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John Dillinger Retrovirus

Grow new fingerprints.
  [vote for,

John Dillinger is famous for, amongst other things, burning his fingerprints off with acid in the hope that he'd grow new and different ones in order to evade the police. I have no idea if this story is true.

After the pain and suffering experienced when the fingerprints grew back, the story believably states that the fingerprints were substantively the same, if a little acid-scarred.

The John Dillinger Retrovirus would be applied to the fingertips in an attempt to change the DNA in areas primarily responsible for detailed shape and those areas generally tested by forensic scientists when picking up DNA samples.

st3f, Jul 22 2007

John Dillinger http://en.wikipedia...wiki/John_Dillinger
from the Wikipedia [st3f, Jul 22 2007]

Fingerprints as an example of nature + nurture http://www.straight...assics/a980821.html
[jutta, Jul 23 2007]


       wouldn't false fingertips be more painless (so many nerve endings in the fingertips for obvious reasons)   

       something like false nails that could be glued on for the crime? are we plotting something?
po, Jul 22 2007

       I believe that the stripes on a DNA test are the occurences of a specific benign virus. A probably mis-remembered statistic is that our DNA is 95% junk that serves no purpose.
marklar, Jul 22 2007

       //that serves no purpose// I don't buy the serves no purpose thing - ok, there may be that much DNA that doesn't actively express itself in terms of enzyme production, much of which is supposed to have been inserted there by (and today, the only remnants of) primordial virii - but in many ways, this bulk of redundant material still serves a purpose in terms of padding and distribution, not to mention providing a means for future mutations, either by spontaneous mutations, reproductive errors, or future viral manipulations.   

       If our DNA were 'lean' in terms of expression and function, it would be difficult to understand how it might have developed that way, and it would also be difficult to think of a method by which we may evolve in the future.   

       If our DNA were so functionally efficient, we might even have to resort to religious argument to explain our origins.
zen_tom, Jul 22 2007

       That article doesn't actually dispute what I thought they were (based on a 5 year old memory of the book Genome by Matt Ridley). I thought they were fully operational sections of DNA that are good at copying themselves, but neither help nor harm the organism's chances of reproduction.   

       I guess the easiest way to find out would be to strip out all the 'junk' from a fruit fly's DNA, if that's possible, and see what happens to it.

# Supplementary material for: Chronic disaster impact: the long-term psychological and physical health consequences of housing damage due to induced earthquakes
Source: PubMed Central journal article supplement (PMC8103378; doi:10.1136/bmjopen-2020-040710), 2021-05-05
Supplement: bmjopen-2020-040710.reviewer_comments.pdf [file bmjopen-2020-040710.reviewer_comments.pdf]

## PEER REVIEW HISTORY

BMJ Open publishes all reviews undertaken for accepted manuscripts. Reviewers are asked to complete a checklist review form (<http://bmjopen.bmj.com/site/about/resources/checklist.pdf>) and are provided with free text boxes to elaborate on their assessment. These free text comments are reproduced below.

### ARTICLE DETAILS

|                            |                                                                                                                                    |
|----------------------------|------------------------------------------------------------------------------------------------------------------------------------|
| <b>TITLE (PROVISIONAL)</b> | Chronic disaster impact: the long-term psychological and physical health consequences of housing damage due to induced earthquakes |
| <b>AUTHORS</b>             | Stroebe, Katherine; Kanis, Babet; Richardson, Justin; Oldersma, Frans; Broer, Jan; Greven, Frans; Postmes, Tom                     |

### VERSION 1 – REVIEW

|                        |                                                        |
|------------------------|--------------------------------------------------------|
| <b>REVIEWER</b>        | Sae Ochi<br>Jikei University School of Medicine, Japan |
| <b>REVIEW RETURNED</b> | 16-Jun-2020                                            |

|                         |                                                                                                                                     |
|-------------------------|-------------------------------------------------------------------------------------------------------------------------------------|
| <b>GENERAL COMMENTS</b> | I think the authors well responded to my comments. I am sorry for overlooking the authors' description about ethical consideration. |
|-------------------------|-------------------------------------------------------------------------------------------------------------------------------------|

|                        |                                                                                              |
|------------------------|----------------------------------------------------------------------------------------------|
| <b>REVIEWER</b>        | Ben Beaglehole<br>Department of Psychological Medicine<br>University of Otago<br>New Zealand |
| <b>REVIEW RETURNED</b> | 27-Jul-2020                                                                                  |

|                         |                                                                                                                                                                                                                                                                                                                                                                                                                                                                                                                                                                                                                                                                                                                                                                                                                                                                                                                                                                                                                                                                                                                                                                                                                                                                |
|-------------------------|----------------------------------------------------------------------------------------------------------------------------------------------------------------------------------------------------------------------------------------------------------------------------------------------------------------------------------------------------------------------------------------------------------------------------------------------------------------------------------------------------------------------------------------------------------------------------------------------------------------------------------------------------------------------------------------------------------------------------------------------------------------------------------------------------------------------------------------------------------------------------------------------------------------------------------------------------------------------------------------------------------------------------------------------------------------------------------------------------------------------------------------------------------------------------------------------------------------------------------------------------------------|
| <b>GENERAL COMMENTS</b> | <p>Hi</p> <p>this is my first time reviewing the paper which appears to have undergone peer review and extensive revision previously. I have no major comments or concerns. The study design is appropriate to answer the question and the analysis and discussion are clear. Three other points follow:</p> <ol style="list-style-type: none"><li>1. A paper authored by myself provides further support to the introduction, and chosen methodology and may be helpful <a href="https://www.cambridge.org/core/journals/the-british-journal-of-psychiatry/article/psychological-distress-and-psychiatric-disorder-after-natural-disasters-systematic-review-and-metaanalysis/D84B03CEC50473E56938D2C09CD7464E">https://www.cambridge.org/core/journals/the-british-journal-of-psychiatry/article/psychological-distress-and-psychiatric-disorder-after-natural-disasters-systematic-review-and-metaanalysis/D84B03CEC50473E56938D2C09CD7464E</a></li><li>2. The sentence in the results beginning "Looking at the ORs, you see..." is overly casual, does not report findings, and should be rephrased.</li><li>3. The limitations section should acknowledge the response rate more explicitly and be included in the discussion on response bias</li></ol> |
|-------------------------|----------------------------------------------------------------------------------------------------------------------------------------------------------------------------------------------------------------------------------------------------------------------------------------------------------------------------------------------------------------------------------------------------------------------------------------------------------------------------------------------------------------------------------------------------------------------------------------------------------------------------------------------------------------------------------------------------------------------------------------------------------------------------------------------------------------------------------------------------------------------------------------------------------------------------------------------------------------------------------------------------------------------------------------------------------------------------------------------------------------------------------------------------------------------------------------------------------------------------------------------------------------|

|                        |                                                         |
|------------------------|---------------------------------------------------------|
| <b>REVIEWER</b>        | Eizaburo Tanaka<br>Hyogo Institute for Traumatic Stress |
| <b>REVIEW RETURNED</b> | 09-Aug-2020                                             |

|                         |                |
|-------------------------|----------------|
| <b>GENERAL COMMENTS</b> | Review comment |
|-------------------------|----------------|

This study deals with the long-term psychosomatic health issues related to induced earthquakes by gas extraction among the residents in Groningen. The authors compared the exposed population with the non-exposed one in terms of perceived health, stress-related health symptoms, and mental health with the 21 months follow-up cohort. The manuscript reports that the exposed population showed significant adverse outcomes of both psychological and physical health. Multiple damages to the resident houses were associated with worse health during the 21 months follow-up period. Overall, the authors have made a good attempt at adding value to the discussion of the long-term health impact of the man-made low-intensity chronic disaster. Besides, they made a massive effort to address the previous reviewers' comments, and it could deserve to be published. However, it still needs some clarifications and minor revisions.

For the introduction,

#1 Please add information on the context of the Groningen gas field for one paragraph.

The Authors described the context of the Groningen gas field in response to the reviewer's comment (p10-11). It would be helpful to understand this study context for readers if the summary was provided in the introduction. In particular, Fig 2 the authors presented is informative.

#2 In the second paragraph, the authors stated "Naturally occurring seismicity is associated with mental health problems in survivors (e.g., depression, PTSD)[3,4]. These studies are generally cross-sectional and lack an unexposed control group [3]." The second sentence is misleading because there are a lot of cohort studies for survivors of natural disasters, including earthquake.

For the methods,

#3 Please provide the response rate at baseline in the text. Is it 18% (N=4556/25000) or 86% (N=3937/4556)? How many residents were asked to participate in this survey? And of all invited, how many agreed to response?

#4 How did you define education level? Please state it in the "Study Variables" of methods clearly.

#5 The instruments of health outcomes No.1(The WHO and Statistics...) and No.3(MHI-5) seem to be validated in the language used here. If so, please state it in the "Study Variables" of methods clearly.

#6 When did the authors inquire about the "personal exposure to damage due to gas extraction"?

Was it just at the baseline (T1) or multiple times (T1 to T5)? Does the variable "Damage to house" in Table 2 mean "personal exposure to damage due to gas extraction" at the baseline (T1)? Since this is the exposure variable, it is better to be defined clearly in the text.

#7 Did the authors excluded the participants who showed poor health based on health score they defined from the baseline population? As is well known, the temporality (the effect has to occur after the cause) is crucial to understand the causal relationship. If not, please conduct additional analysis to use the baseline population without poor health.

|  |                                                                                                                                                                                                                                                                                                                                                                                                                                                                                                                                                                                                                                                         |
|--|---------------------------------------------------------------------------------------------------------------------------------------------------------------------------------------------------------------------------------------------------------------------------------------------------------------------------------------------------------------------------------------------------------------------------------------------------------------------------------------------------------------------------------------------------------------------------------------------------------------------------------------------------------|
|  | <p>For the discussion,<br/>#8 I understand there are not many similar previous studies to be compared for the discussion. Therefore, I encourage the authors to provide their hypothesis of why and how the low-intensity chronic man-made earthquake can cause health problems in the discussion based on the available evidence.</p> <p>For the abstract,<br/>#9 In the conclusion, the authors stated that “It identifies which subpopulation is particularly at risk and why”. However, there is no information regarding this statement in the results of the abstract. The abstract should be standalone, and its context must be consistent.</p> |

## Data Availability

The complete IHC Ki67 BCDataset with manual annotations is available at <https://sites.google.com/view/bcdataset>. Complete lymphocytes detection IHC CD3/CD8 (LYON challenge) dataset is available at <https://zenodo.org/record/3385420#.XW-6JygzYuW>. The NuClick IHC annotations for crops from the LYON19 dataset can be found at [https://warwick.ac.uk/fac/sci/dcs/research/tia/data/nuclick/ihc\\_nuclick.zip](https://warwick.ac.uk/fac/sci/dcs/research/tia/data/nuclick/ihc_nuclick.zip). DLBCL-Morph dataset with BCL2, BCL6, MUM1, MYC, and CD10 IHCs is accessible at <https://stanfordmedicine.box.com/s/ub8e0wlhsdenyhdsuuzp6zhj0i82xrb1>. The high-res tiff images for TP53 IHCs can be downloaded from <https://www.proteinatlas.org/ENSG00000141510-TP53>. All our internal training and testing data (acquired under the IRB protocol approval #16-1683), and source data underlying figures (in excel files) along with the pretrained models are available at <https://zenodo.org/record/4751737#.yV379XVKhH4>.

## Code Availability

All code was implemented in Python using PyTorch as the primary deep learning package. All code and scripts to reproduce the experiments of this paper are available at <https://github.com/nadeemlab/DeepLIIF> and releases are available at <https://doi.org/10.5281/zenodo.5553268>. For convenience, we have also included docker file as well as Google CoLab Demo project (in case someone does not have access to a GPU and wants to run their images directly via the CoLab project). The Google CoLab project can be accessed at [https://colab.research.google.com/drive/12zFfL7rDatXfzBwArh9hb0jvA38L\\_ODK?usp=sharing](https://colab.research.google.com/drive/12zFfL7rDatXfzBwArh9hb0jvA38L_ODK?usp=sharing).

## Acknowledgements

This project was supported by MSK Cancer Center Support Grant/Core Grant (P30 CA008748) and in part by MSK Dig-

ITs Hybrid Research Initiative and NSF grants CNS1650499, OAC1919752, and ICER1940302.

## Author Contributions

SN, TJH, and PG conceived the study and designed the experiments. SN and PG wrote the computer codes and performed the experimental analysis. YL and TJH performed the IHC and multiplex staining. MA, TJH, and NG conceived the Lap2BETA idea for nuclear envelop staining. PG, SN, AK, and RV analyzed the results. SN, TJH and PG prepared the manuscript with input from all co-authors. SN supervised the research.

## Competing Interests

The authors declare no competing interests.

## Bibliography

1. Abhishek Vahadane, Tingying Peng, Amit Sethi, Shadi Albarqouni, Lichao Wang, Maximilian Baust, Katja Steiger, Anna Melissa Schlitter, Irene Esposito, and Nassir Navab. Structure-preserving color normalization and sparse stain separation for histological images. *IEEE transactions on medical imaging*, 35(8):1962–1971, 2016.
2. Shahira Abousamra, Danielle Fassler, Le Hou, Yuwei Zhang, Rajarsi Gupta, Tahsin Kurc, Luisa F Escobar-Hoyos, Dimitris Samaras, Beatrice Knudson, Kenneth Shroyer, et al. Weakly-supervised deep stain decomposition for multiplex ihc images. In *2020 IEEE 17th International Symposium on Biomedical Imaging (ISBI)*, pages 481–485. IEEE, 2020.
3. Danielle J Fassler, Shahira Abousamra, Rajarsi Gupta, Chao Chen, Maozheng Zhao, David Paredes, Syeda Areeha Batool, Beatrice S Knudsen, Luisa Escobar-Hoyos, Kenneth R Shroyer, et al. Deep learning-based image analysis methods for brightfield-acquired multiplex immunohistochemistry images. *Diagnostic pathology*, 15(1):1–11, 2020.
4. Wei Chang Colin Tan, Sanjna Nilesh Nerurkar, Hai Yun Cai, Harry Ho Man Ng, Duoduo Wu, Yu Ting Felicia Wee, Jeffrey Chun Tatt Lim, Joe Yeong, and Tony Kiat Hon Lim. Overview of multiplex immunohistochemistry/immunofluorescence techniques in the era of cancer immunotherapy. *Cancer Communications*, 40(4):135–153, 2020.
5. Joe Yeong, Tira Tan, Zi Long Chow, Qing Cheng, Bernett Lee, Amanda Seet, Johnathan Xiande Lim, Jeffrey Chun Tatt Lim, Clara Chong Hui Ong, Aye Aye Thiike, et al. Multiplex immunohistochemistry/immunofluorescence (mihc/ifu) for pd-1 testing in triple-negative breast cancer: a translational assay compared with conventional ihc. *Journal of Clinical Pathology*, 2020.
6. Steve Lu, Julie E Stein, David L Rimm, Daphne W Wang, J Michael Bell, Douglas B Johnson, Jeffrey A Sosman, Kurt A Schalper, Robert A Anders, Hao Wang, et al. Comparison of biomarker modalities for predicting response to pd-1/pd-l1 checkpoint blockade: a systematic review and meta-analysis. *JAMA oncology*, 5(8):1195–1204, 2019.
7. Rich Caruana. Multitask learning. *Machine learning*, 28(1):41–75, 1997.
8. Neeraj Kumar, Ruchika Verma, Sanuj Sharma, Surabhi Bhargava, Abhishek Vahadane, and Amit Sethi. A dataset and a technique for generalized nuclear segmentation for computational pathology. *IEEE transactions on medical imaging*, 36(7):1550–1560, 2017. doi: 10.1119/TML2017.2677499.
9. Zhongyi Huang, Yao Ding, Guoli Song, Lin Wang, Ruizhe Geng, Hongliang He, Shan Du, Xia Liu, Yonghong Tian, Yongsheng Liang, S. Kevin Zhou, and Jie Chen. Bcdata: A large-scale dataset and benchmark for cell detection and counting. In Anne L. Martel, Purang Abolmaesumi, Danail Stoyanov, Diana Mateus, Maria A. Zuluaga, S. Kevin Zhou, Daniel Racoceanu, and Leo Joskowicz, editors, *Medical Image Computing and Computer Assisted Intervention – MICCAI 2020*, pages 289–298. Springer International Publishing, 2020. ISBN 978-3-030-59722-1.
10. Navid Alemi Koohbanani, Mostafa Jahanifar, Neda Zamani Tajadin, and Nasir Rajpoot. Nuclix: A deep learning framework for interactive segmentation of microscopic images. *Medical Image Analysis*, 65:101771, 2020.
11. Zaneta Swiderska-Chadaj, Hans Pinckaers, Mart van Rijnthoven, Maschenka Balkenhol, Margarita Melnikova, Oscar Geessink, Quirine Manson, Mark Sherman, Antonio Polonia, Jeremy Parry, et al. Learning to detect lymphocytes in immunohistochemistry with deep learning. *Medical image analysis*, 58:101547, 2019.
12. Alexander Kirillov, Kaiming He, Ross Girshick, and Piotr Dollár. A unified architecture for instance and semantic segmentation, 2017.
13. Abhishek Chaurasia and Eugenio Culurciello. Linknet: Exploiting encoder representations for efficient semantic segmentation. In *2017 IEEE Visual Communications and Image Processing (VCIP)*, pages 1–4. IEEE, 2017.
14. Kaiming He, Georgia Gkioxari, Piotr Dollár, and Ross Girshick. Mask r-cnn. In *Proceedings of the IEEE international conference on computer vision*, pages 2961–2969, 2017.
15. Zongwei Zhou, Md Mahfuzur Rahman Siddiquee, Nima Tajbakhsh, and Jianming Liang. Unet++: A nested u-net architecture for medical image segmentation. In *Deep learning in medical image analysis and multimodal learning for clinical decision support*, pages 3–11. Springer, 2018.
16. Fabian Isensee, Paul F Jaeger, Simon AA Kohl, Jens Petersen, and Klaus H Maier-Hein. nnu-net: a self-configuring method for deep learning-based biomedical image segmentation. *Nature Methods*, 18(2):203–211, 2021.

marklar, Jul 23 2007

       If 97% is 'junk', and we share 95% with chimps, then I'm quite confused about what DNA actually remains to distinguish tree swingers fom party swingers.
Ling, Jul 23 2007

       95% of the applications I have to maintain is junk code leftover from the triassic age of programming that serves no purpose, so I do buy it.
globaltourniquet, Jul 23 2007

       [ling] Chimpanzee share the same "junk" DNA. The two statistics are independent and unrelated. Heck, we share over 70% of our DNA with cucumbers and algae.   

       And really, genetically, there is very little distinction between us and our cousins, we are really little more than really weird chimps.
Galbinus_Caeli, Jul 23 2007

       Especially those of us here at the 'bakery.
normzone, Jul 23 2007

       //genetically, there is very little distinction between us and our cousins// Both true and false. We share almost all of our genes with chimps, with only minor (and generally irrelevant) spelling differences. However, a Harry Potter novel shares 95% of its words with War and Peace. The difference is in the order of the genes, the number of occurrences of certain genes that recur in the genome, and above all in the way they're regulated and inter-regulated. So, the "95%" figure is pretty meaningless, and there's plenty of meaningful genetic differences between chimps and humans.   

       Plus, chimps are phenotypically virtually identical to humans. A good histologist would be very hard pressed to tell most bits of a chimp from their human counterparts under the microscope, where all the detail is. The main physical differences are a few subtle changes in the numbers of cells here or there, or the way neurons are wired. Think about how little brain injury is needed to reduce a person to a mental state below that of a chimp.   

       Ninety-five percent, schminety-five percent, I say.
MaxwellBuchanan, Jul 23 2007

       Oh yeah, and about the fingerprints. Gloves would be easier.
MaxwellBuchanan, Jul 23 2007

       I knew a guy who caught a criminal after he had carved up his fingers, and rearranged the pieces. Cut and paste allowed him to get the prints back together.   

       True criminal geniuses use their toe prints... but I don't think I'll bother re-posting the toeprinting registry idea. It was almost decent satire right after 9/11...
ye_river_xiv, Jul 24 2007

       Not sure I'd be keen on having a man-made virus, or even a natural one for that matter, monkeying around with my DNA. Assuming, for an instant, that the technology was up to the task I'd go for growing a pair of skin gloves. This would have the advantage over normal gloves of leaving a misleading fingerprint trail - possibly to the detriment of a personal enemy if you use their DNA to grow them from.
DrBob, Jul 25 2007


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